The third major role that narrative serves is that of identification. It lays everything out for the player, telling him what’s what, who’s who, and what the state of the world around him is. By doing so, it gives the players context for their actions, and this in turn provides justification for game actions: when a game asks you to shoot things, it’s helpful to know that the things you are shooting are dangerous terrorists, flesh-eating zombies, mutated lawyers, or something else that you have little or no moral qualms about dispatching into digital oblivion. By laying out clearly what the elements of the world are, the narrative establishes the players’ place in it and the actions they are expected to take as a result. The players, in turn, can take those actions in confidence, knowing it’s what they’re supposed to do, instead of asking “Why am I doing this?”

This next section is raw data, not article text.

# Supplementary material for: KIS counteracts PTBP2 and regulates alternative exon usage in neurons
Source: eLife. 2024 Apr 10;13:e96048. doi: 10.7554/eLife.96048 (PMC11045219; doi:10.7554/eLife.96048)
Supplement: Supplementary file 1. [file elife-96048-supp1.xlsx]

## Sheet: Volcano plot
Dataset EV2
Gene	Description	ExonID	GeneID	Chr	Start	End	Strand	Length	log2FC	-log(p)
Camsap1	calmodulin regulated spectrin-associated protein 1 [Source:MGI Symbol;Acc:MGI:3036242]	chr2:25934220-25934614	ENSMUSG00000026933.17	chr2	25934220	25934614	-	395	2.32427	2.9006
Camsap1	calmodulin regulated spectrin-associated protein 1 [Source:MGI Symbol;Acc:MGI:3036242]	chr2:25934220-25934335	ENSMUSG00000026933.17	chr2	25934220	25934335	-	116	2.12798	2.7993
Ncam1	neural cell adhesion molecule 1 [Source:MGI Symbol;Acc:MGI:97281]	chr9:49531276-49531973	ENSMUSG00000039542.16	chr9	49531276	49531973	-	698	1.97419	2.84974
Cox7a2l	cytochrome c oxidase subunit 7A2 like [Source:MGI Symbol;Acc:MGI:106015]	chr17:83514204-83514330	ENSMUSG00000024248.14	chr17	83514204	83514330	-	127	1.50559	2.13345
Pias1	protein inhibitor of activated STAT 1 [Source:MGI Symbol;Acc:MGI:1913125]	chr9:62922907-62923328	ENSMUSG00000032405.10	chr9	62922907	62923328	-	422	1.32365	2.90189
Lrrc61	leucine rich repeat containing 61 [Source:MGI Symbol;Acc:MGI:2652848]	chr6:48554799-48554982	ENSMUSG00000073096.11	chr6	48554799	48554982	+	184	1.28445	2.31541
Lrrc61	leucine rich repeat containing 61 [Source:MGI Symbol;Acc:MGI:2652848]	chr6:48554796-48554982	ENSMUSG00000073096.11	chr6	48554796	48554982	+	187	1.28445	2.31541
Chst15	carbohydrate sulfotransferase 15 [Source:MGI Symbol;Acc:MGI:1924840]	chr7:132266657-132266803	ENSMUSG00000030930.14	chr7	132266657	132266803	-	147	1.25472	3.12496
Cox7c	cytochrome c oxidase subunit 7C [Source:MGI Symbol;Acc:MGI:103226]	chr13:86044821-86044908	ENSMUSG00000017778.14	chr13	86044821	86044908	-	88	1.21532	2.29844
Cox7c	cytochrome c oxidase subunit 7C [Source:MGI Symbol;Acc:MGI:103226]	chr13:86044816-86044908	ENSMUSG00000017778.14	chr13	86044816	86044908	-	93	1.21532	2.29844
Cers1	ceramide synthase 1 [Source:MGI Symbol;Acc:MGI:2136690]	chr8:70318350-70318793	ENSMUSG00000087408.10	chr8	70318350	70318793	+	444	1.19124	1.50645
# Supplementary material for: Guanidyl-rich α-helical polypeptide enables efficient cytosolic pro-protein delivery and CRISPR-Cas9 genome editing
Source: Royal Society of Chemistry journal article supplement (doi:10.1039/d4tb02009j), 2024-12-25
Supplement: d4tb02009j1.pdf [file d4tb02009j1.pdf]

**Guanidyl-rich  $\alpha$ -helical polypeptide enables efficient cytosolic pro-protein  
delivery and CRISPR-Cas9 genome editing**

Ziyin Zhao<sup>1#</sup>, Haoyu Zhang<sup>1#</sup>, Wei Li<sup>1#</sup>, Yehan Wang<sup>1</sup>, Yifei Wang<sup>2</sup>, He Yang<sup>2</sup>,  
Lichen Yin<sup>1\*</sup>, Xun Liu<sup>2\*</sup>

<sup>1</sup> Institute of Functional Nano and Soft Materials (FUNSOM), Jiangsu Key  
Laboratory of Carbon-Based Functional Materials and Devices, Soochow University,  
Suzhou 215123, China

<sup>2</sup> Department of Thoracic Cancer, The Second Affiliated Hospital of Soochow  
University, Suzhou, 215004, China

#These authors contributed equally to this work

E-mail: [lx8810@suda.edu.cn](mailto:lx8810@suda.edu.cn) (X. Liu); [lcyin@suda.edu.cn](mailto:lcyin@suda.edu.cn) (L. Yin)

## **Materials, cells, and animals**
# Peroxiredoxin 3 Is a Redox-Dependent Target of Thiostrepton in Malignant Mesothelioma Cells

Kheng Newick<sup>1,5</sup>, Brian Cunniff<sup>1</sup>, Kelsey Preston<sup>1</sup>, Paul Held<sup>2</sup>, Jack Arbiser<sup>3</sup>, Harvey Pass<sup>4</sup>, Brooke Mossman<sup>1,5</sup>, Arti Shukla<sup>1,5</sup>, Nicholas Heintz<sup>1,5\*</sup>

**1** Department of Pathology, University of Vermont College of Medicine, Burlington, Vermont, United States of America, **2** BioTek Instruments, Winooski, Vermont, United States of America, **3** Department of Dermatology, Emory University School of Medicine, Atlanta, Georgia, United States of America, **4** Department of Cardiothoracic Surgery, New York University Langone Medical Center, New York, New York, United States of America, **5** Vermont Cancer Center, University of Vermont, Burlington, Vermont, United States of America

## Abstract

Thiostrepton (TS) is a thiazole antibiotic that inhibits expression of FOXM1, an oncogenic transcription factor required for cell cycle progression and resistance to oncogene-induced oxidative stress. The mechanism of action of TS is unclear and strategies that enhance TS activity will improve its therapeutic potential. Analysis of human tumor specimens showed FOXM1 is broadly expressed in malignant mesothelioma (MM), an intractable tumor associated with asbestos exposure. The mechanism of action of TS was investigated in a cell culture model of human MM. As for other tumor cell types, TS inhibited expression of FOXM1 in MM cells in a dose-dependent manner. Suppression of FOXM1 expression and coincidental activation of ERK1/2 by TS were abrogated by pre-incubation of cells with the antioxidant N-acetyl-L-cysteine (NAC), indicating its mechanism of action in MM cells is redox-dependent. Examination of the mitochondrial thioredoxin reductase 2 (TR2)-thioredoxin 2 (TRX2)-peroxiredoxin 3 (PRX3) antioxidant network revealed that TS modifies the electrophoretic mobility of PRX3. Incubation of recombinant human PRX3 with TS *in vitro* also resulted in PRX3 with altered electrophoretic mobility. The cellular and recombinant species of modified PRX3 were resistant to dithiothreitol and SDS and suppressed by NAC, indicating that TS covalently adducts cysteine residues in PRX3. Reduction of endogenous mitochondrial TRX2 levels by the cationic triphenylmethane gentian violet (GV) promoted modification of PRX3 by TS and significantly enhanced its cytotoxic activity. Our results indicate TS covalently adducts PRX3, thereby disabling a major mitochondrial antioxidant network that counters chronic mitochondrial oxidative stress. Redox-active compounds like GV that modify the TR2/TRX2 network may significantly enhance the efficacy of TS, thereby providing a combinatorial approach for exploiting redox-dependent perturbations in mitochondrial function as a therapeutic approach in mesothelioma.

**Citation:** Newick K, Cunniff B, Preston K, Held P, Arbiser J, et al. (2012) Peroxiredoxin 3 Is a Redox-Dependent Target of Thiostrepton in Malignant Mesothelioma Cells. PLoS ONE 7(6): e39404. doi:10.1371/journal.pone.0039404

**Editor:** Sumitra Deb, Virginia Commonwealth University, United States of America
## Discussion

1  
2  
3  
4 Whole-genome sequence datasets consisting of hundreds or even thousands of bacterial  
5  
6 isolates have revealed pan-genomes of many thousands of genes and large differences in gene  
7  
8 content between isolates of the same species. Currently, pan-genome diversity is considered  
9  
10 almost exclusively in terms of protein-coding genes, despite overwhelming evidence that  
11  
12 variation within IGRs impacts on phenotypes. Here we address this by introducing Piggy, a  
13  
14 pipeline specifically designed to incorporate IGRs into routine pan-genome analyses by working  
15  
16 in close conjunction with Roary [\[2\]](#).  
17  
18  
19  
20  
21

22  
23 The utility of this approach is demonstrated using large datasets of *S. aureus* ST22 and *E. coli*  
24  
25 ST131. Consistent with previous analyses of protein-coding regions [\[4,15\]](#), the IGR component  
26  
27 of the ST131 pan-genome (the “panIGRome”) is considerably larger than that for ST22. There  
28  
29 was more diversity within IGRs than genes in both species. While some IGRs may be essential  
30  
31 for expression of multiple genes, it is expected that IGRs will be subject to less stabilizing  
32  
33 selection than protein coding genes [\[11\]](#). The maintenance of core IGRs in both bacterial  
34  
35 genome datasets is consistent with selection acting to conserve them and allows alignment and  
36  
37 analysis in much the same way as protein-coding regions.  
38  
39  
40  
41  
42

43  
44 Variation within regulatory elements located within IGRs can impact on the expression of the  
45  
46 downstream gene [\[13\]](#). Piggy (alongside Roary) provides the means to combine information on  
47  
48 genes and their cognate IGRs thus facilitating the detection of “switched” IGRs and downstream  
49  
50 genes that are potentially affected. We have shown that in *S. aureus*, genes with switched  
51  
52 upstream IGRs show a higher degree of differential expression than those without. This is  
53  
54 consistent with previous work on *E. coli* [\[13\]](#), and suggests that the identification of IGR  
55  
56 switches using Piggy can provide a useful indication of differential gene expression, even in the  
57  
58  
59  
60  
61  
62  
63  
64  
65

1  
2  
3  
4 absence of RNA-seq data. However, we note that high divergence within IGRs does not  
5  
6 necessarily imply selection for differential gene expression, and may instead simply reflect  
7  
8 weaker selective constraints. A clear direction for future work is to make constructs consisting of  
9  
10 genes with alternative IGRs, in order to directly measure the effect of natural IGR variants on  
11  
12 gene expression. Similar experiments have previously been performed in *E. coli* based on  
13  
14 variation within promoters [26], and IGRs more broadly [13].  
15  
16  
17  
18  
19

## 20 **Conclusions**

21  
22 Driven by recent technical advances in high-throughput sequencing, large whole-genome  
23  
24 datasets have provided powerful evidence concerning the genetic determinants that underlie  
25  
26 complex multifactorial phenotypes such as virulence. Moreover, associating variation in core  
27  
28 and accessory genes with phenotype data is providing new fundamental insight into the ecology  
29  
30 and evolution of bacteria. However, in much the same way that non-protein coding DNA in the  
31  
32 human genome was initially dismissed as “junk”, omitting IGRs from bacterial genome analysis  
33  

The narrative provides identification in another sense as well, namely the sense of kinship and desire to become the central character. Players are invited to identify directly with a game protagonist (even more so than when they are invited to identify with the protagonist of a film or novel) because they will actually get to influence or control the game’s lead role. The course of a game narrative should be designed, in general, to make the fantasy of being the lead character more appealing, and to make the lead character more sympathetic. Giving the protagonist a chance to act heroically, behave admirably (in whatever sense of the word you choose), and achieve ever-more impressive victories might be the key to making the player want to be—and therefore want to play—that protagonist.


Videogame writing is unlike any other form of writing. There is some relation to screenplay writing, some relation to writing fiction, some technical writing, and other elements both diverse and esoteric. Furthermore, the expectations of what will be delivered in a videogame script change more rapidly than in other media, because of changes originating in advanced technology and corresponding changes in audience expectations.